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Somasundram family in India

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  • Robert Ebenezer Somasundram (deceased)
    Arrived in Durban on 11th April 1890 aboard the Umtata 1 after matriculating at the Wesleyan Mission School in Madras. Started working as a teacher at Point Road School, but switched career to become a...

(Note that is a genealogical research page, to investigate and attempt to complete the ancestral family tree of Robert Ebenezer Somasundram, who arrived in South Africa, from Madras, India in 1890. It is therefore a combination of known genealogical information, family oral history, historical information, reasoning by the process of elimination, reasoning by "putting two and two together", etc. The reason for presenting this page is also to allow for the collection of additional information that may either enhance or refute the current information.)

According to South African documents, Robert Ebenezer Somasundram and his sister Georgina Somasundram arrived in South Africa from Madras, India. They matriculated in Madras, at the Wesleyan Mission College and Wesleyan Mission Girls School respectively.

The Somasundrams are Tamils from South India, and are also Pillais or Pillays (i.e. the South African spelling variant) and there is a South African newspaper document [1] listing Robert Somasundram as R Somasundram Pillay. Whilst the Hindu caste system has no place in Christianity, it is however very useful for the purposes of genealogical research. Pillay or Pillai [2] indicates that they are part of the Vellalar caste [3] . Somasundram is a Tamil name but apparently derived from Sanskrit, meaning "as beautiful as the moon" and is one of the names of the Hindu god Shiva, so I guess that the name Somasundram Pillay suggests that his family may have originally been part of the earlier Saiva Pillai group [4]. The corresponding Wikipedia entry states that "... A very few of them were converted during the late eighteenth and nineteenth centuries to Christianity and retained the caste name 'Saiva Pillai'". It is speculative, but the name Somasundram (i.e. a first name that was subsequently adopted as a surname) may also indicate that the family village of origin was Madurai, India.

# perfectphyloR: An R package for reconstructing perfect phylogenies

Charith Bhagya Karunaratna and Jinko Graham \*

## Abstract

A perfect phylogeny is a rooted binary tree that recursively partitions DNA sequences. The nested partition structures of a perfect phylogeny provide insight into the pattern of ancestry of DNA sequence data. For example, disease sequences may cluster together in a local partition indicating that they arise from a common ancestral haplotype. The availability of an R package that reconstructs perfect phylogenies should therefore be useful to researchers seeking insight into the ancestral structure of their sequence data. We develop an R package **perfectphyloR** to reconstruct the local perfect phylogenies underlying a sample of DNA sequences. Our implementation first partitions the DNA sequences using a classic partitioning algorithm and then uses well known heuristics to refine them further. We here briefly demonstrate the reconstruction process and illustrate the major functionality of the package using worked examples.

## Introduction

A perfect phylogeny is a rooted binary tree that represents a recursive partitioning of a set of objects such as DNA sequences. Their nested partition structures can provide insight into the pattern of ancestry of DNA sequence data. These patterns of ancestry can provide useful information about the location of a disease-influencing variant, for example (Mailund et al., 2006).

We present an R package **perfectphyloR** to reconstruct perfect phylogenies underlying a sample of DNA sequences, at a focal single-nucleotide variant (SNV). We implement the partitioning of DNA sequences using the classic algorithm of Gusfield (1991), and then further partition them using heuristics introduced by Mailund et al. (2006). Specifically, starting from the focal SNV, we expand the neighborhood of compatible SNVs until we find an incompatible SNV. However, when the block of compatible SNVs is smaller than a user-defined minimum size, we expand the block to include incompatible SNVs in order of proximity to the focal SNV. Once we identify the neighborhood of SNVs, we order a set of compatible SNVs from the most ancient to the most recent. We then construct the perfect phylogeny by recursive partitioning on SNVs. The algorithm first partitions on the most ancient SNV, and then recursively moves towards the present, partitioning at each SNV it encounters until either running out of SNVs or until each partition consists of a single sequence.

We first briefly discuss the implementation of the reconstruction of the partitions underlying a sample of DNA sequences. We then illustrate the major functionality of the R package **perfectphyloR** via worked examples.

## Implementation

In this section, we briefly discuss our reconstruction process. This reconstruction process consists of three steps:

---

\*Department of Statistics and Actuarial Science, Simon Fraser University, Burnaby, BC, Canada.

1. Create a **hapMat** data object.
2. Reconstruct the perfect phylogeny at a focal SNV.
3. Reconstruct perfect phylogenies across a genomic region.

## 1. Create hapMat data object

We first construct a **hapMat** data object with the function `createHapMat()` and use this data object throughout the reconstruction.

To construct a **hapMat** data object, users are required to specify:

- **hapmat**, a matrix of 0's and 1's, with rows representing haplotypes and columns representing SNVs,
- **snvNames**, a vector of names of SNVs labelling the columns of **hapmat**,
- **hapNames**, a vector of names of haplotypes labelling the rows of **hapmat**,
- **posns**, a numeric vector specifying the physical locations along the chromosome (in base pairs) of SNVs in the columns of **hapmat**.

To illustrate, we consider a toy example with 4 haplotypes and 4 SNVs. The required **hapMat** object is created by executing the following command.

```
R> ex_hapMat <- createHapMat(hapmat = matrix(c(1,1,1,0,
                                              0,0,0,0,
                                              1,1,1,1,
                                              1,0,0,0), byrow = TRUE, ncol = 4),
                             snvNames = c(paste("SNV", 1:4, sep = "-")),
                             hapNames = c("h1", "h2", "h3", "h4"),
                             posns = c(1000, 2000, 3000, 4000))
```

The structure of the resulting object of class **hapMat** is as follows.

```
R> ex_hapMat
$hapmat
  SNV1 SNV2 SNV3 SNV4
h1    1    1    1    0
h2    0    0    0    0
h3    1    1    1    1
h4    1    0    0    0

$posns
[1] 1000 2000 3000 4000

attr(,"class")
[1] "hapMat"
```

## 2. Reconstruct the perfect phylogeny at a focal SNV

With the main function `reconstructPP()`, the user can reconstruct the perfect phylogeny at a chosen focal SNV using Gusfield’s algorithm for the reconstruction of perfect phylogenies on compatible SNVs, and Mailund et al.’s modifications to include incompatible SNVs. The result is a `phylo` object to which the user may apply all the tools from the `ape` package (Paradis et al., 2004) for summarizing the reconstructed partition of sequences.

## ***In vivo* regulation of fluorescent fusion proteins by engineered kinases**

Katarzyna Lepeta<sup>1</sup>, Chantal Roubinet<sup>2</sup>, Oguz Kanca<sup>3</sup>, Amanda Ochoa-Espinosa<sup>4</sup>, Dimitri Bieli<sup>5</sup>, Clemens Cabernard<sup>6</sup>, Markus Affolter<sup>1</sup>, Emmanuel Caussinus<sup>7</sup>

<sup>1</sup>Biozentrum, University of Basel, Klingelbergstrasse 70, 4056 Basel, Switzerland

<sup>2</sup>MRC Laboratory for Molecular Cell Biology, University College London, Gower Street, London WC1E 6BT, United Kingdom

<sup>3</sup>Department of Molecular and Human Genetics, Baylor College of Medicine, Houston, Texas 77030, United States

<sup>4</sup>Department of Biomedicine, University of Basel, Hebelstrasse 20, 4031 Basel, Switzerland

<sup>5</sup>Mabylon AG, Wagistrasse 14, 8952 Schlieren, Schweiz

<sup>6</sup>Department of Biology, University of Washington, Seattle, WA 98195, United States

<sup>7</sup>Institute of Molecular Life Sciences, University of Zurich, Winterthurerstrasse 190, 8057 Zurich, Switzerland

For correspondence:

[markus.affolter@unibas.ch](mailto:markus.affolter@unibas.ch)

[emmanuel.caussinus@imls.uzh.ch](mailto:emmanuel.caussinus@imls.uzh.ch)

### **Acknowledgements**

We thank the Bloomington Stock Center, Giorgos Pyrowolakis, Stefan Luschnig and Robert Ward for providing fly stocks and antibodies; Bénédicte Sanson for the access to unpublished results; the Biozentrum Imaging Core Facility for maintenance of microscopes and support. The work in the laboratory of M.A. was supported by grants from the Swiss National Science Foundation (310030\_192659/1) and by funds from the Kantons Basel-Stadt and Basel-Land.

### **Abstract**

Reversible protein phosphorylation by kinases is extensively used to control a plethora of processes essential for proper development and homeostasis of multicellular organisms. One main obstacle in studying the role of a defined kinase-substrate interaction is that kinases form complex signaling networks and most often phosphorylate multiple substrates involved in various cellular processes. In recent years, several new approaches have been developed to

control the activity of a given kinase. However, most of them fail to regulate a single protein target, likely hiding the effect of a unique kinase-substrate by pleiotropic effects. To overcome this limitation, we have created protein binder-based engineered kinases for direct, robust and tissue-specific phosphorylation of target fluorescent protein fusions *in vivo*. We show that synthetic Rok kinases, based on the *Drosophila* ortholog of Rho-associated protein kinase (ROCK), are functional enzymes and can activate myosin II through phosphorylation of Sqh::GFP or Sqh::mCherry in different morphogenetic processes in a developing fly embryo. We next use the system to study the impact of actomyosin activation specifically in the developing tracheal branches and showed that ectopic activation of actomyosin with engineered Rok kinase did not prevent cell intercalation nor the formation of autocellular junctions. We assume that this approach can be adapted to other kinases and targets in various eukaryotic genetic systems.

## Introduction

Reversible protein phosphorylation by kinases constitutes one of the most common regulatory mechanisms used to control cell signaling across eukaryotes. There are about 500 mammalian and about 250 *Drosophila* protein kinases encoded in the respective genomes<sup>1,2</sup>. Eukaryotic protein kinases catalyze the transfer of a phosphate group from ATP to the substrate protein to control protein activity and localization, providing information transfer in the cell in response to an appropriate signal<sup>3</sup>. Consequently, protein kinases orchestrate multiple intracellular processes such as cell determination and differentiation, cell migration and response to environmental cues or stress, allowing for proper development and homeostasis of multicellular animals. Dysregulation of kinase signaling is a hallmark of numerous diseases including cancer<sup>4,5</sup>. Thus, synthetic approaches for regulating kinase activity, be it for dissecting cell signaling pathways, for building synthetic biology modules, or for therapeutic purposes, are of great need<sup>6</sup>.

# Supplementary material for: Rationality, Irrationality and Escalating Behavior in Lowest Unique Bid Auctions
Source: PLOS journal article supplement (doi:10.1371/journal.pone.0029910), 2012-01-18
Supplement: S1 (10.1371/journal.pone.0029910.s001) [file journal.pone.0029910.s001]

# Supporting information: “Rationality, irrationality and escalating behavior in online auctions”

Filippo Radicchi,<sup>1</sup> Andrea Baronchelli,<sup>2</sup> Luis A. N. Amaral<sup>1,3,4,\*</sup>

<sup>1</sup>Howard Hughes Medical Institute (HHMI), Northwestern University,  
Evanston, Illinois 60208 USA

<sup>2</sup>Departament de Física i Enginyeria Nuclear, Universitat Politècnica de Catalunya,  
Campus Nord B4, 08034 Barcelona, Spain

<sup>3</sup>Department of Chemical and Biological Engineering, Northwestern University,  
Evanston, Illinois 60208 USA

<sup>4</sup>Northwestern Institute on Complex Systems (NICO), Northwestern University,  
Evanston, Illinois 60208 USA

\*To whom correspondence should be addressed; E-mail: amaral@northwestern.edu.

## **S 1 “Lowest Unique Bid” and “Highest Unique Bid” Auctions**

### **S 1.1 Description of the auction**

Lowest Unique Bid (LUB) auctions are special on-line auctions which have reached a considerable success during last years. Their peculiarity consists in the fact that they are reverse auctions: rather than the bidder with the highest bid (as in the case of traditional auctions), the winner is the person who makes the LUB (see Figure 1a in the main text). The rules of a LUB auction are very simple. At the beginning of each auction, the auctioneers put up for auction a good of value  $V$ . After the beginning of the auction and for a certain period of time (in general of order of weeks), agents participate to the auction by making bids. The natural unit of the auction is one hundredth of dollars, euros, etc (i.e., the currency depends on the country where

The name Pillai further suggests links to the ancient Pallavas, who had an empire in South India. " All traces of the Pallavas as a distinct community of clan disappeared; but the Kallar, Palli and Vellala castes trace their origin from them." [5]. The history of the Pallava empire is quite interesting, arguably traceable all the way to the biblical patriarch Jacob, via Aryanised Israelites part of whom were later known as Parthians, followed later by the apparently related Pahlavi in North India, and even later by the Pallava in South India.

In the Bible, the ancient Aryans are called the "Medes", also including the later "Persian" group. There is considerable debate regarding some of the Aryan tribes, being Aryanised Israelites since the Northern 10 Israelite tribes were exiled to the "cities of the Medes" by the Assyrian Empire around 700BC and then disappeared from the historical record at around the same time the ancient Scythians appeared in the historical record. Both groups were referred to as the "Khumri" in an ancient inscription on the Behistun Rock. The ancient Parthians, who ruled Persia, at the time of Jesus, were related to the Scythians, and the three wise men of the Nativity were apparently Parthian kings.